Next President Should Attack Drug Prices, Obama Says in JAMA

  • Medical journal publishes article authored by president
  • Obama says ‘public option’ insurance plan should be created

President Barack Obama waves as he speaks to service members at the Naval Station Rota in southwestern Spain on July 10, 2016.

Photographer: JORGE GUERRERO/AFP/Getty Images

President Barack Obama has written a game plan on health care for the next president, including a crackdown on prescription drug prices that may cut pharmaceutical manufacturers’ profits if adopted.

In a first for a sitting president, the Journal of the American Medical Association published a scholarly article on Monday by "Barack Obama, J.D." that examines the passage of his landmark health law, the Affordable Care Act, and proposes future improvements to the U.S. health care system. Obama wrote that a government-run insurance plan, the so-called “public option,” should be made available to Americans buying coverage in parts of the country where competition is limited, and that subsidies to reduce insurance premiums in Obamacare should be more generous.

QuickTake Drug Prices

Despite the ACA, "too many Americans still strain to pay for their physician visits and prescriptions, cover their deductibles, or pay their monthly insurance bills; struggle to navigate a complex, sometimes bewildering system; and remain uninsured," Obama wrote. "More work to reform the health care system is necessary."

The article previews themes Obama will sound in the coming months, as he tries to shape the next phase of the long-running political battle over the appropriate role for government in the U.S. health-care system, administration officials said.

For a QuickTake explainer of Obamacare, click here.

The priorities Obama set in his article have strong support within his party. Presumptive Democratic presidential nominee Hillary Clinton and her rival in the presidential primaries, Senator Bernie Sanders of Vermont, both called for the federal government to leverage its buying power to force lower prices from drug companies. Clinton also backs a public option for Obamacare in all states, and Sanders would go further, favoring a government-run universal health insurance program he calls "Medicare for all."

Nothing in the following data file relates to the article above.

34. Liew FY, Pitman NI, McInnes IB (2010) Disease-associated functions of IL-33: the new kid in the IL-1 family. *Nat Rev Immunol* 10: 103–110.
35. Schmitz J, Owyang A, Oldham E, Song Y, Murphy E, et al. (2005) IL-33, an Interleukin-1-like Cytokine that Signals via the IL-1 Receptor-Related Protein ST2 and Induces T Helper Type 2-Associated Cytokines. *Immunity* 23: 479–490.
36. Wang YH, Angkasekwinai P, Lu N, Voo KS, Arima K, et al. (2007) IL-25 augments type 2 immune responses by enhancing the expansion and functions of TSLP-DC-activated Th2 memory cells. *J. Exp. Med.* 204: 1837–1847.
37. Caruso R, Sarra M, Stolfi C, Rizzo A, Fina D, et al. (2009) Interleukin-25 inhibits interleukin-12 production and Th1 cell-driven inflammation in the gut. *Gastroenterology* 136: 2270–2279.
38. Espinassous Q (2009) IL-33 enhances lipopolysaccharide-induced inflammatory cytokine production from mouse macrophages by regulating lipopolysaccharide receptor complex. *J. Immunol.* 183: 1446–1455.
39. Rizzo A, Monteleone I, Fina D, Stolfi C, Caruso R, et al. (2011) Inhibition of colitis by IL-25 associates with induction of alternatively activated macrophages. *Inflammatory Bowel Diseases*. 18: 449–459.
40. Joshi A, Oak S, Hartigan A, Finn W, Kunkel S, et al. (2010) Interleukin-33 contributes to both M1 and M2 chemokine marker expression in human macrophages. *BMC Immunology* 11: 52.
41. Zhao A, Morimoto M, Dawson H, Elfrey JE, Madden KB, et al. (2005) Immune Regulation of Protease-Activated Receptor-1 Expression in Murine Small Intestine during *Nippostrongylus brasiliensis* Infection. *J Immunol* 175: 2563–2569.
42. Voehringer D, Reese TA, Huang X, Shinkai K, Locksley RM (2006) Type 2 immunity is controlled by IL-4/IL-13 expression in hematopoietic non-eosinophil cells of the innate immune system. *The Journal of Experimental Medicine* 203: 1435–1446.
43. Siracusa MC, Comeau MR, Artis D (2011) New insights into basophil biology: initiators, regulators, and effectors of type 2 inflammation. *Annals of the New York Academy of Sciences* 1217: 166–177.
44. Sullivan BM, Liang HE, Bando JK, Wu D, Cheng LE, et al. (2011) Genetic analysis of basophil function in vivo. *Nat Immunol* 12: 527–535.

Defense of Obamacare

In the article, Obama vigorously defended the ACA’s expansion of insurance coverage and said that "trends in health care costs and quality" under the law "have been promising." About 20 million Americans have gained coverage since the law was enacted in 2010, he wrote, and average growth in spending per person in the Medicare program for the elderly and disabled "has actually been negative" from 2010 to 2014.

Since the law took effect, the portion of nonelderly Americans unable to afford health care dropped 5.5 percentage points and the share describing themselves as in poor or fair health dropped 3.4 points, he wrote.

The article includes 68 citations and endnotes, though it was not formally peer-reviewed and JAMA published it as a "special communication." It grew out of an appraisal of Obamacare’s implementation that Obama ordered late last year, said Kristie Canegallo, a deputy White House chief of staff. She said the goal was to "point future policy makers in the right direction" on health care.

Obama chose JAMA as a “serious” and “fact-driven” forum, Canegallo said.

‘High Standards’